The UK has two important priorities in this hypothetical invasion of the homeland by German forces: defend its convoys and protect its island. Building land units and fighters accomplishes the task of protecting the islands. The destroyer groups will take care of the convoys. In North Africa the Allied goal is one of defense and delay while contending with Sealion. With all your land units built you can control where the Germans land and how to deal with them. Your fighters should be kept far enough back to intercept but not be subject to attack. Beef up anti-aircraft defenses and, if possible, buy some anti-air units to defend landing sites. Your ships should be defending up the coast, not in the channel, if the Germans have air superiority. A small northern fleet should be enough to thwart an end-around invasion since the Germans have no technology in amphibious assault nor do they possess long-range aircraft. The three ports in the south of England are vital to the German assault. If you are having problems holding all three, then give up the western-most port. You can easily bottleneck the Germans in Plymouth for a long time. Use armor in the rear to run up and destroy units that have landed on the coast. If the Germans do manage to get a good foothold on the British Isles, fall back using terrain to continue the defensive plan. Never evacuate England as long as you hold a city and a port: it is much easier for the USA to reinforce it than to invade it.

Summary: Notice that the above strategies for the Axis or Allies focus on one particular goal. Whether that goal is offensive or defensive in nature, the strategy doesn’t change: plan, build, and throw everything you have at that goal until it is accomplished. Do not build unnecessary units such as Russian submarines when you’re in the middle of an all-out 1941 Barbarossa scenario. The same focus should be applied when purchasing technology. Keep in mind where you are fighting and maintain a balance of units for the plan. An example is for the German player to be careful not to overbuild armies for assaulting France in 1940; too many armies will get in each other’s way. The Germans need to build one or two tanks to maintain a good balance, since the area is small and maneuverability is required for staging a proper attack.

The perfect attack against a tile in Strategic Command 2 is a double-deep set of units and one or two tactical air. Tactical air strikes reduce the morale of a unit and remove entrenchments; then, the first line of units can attack and pull back. Now the second set of units move forward and continue the attack. Pay attention to terrain, mobility, and entrenchment levels. Use a balanced land force when attacking or defending.

Following the steps I have described for a goal will downsize tactical mistakes within the game. A proper plan transforms the question, "How am I going to fill in this hole in my lines?" into "Which unit is best to fill in this hole in my lines?" The former comes from a position of deficiency; the latter comes from a position of having options. When you have options, luck is less a factor. Think about your goals when on the offensive or defensive and plan for them. If you do not lose focus on what needs to be accomplished, your chance of success will be more attributable to skill rather than to luck.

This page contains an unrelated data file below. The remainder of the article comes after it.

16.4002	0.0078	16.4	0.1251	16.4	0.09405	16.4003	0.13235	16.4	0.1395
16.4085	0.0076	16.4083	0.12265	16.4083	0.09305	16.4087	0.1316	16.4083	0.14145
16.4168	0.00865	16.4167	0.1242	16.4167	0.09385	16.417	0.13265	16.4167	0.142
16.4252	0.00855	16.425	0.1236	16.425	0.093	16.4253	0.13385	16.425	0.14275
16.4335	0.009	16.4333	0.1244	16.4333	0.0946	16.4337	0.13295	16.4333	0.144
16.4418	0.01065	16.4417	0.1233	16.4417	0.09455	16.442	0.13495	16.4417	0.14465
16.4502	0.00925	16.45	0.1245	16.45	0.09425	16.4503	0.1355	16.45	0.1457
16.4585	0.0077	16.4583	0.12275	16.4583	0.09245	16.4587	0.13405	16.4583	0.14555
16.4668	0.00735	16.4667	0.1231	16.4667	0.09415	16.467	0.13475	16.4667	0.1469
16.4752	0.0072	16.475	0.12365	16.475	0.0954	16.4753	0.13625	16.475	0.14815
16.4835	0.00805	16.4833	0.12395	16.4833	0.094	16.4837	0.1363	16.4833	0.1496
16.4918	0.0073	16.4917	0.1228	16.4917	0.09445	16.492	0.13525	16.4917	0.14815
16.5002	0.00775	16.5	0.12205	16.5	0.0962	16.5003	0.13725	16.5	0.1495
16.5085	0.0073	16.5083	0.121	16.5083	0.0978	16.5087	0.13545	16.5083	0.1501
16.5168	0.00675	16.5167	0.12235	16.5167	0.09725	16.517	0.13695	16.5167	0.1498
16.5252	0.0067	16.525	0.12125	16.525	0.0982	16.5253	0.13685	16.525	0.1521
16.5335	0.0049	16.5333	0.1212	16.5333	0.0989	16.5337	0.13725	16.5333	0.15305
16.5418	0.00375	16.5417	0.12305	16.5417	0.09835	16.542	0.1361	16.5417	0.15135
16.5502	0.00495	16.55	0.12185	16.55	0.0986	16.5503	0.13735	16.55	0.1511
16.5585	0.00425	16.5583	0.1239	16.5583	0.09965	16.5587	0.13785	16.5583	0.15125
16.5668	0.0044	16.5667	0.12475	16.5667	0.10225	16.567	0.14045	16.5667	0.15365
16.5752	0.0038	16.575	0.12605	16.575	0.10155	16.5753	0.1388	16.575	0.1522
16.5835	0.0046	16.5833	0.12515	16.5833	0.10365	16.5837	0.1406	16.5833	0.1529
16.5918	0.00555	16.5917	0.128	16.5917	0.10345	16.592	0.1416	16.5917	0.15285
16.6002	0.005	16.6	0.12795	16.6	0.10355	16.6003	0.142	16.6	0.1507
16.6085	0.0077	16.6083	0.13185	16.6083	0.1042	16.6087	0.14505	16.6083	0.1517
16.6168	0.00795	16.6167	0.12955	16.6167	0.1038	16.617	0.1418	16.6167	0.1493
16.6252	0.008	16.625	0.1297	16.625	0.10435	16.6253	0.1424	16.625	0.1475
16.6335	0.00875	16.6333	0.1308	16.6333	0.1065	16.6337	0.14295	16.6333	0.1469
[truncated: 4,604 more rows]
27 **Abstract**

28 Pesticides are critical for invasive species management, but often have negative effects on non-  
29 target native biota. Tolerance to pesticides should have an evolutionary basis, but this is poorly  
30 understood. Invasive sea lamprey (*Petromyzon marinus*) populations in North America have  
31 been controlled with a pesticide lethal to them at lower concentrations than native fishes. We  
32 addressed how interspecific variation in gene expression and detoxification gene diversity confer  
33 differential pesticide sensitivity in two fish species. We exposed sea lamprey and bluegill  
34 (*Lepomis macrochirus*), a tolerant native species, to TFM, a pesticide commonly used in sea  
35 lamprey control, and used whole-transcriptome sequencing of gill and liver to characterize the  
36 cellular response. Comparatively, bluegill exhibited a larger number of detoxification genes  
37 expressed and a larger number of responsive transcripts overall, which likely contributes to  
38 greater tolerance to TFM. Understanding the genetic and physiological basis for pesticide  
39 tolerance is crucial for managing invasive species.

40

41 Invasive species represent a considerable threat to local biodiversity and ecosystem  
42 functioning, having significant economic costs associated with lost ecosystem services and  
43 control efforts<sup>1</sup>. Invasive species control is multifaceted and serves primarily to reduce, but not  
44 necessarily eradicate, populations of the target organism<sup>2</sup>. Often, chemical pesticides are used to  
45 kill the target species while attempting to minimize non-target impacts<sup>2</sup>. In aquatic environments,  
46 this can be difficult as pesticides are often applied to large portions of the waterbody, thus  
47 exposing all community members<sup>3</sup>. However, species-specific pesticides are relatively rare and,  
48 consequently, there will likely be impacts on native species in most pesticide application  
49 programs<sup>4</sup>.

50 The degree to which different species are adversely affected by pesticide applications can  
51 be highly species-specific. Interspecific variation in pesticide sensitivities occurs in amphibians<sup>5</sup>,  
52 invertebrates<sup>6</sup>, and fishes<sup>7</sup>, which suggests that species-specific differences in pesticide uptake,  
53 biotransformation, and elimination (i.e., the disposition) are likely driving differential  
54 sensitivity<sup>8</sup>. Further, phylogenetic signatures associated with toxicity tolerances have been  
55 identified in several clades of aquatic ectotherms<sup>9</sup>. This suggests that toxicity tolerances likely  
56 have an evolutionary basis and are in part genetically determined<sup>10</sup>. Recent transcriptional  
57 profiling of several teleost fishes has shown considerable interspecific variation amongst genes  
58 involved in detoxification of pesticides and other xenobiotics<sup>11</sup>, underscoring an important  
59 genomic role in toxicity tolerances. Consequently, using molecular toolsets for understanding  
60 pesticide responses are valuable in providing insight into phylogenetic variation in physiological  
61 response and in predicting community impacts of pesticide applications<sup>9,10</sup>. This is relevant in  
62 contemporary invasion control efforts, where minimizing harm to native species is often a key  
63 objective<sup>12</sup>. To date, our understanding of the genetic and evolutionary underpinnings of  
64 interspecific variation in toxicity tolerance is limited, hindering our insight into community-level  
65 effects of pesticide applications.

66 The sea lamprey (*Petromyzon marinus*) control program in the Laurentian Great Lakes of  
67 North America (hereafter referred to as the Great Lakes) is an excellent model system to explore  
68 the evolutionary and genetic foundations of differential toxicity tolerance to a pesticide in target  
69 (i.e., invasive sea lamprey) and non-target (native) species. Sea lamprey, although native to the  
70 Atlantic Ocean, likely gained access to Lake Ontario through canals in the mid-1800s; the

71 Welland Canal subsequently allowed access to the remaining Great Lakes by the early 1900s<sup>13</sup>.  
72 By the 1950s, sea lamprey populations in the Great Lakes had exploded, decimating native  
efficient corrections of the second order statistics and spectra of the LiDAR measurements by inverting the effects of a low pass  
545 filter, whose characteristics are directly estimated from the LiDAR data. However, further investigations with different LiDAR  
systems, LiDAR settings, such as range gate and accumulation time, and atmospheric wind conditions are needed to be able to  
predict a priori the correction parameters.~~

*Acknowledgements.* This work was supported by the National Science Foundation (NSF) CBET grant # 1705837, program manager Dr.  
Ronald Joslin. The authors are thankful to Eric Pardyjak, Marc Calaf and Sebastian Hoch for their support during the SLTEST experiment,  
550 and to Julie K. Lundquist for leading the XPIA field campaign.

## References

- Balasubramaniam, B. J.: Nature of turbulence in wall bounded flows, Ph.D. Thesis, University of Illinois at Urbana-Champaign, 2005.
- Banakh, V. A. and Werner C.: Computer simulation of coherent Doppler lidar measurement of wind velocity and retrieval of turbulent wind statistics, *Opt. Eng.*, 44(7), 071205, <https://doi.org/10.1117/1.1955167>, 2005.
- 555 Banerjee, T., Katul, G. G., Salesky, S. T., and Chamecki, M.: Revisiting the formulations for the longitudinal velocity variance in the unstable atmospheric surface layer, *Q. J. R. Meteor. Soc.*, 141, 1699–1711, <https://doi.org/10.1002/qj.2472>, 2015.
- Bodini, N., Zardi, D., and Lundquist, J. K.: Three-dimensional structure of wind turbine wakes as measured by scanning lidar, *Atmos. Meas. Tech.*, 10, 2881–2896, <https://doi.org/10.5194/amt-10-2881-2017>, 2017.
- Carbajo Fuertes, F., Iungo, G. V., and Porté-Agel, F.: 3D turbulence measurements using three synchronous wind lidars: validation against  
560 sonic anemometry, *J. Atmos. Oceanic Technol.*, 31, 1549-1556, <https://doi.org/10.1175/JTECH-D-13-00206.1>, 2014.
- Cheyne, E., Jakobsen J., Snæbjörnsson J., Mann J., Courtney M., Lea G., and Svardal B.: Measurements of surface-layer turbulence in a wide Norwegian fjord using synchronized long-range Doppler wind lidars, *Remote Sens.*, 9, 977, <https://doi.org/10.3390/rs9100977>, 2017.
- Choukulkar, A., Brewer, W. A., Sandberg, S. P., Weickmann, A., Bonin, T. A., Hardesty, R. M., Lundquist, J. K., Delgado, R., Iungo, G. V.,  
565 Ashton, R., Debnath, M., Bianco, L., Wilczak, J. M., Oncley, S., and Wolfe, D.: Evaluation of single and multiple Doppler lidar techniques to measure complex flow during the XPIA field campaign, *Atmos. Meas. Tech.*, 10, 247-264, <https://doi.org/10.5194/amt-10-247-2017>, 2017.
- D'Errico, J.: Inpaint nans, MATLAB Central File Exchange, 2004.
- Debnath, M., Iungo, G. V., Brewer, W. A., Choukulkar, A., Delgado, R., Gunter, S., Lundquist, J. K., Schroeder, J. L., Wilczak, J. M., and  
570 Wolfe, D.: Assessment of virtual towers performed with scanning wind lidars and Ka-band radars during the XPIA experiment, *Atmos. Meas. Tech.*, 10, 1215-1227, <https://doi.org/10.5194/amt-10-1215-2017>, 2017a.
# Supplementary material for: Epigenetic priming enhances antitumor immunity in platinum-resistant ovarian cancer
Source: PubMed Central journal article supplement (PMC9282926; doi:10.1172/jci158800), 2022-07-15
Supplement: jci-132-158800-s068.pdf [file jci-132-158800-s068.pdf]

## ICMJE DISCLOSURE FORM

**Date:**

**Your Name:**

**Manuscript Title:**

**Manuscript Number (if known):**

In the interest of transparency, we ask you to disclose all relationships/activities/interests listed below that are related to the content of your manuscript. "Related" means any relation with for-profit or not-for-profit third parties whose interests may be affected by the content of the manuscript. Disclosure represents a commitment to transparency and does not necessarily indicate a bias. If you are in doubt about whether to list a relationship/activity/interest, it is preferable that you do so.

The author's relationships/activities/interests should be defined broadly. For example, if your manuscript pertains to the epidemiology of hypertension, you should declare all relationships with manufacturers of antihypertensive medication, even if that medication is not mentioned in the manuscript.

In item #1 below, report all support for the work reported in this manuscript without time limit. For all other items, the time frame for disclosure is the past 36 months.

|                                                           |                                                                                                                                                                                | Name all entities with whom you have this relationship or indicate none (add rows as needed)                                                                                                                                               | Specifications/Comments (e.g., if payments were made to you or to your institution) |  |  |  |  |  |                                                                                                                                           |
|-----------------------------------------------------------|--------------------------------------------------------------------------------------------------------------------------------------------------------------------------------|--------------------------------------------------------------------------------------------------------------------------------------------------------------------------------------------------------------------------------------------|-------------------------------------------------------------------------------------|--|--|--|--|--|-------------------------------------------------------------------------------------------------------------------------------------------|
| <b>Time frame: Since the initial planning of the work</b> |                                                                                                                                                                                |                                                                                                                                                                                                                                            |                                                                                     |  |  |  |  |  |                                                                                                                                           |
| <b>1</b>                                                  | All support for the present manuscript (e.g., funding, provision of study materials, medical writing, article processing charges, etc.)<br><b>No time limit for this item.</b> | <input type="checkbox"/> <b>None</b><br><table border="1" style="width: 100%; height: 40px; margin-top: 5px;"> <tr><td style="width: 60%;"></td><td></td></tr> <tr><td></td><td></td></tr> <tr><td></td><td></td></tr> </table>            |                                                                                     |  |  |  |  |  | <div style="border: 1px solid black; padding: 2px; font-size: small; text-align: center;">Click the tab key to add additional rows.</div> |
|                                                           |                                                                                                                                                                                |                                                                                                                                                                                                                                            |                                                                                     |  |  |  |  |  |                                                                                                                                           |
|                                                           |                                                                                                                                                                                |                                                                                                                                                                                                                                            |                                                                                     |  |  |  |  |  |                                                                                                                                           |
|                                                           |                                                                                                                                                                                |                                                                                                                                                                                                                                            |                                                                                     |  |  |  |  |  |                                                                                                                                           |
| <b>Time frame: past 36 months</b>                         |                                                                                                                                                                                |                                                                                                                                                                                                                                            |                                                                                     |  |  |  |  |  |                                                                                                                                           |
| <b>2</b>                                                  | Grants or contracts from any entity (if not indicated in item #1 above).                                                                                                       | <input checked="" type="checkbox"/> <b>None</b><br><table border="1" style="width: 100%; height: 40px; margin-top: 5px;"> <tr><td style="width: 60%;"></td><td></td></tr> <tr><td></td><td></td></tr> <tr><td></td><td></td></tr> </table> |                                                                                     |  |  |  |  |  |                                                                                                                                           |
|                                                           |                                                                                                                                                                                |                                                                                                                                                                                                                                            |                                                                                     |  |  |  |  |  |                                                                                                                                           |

About the Author
Alvaro (Al) Sousa has been a lifetime gamer since being introduced to chess at the age of 5. At 15, he played his first complex strategy game, Third Reich, and has been hooked on World War II history and games ever since, favoring grand strategy games that generate multiple aspects of play. He is also a successful poker player—you have been warned. Currently, he does freelance beta test work and scenario design for Fury Software. He says his wife has always told him "do what you love," and he hopes to follow his passion and make the leap to fulltime game design work in the near future.

4 Comments

  1. Loved the commentary. I have been hooked on war board games since 1965 when I played Battle of the Bulge by AH. Loved playing AH Third Reich and now I play Strategic Command series. I have used your strategy for the Axis with great results. Thanks for the article!!

  2. In the early part of WWII, the Germans had a very good strategy. It was only when the Battle of Britain was left to Goering’s hands and the delay of Barbarosa because of the incompetence of Italy that Germany’s strategies became flawed. Add to that, the subsequent degradation of Hitler’s reasoning and the attrition of Germany’s troop strength that was wasted in various other theaters of war, i.e. North Africa, etc. that spelled the end for the Axis.

  3. Why squares? Hexes work so well.

  4. The Squares work better with a world wide map.
    These squares allow one to travel in 8 different directions, whereas hexes only allow six directions.

    I at first hated these squares but fell in love with them upon using them.

    Happy gaming!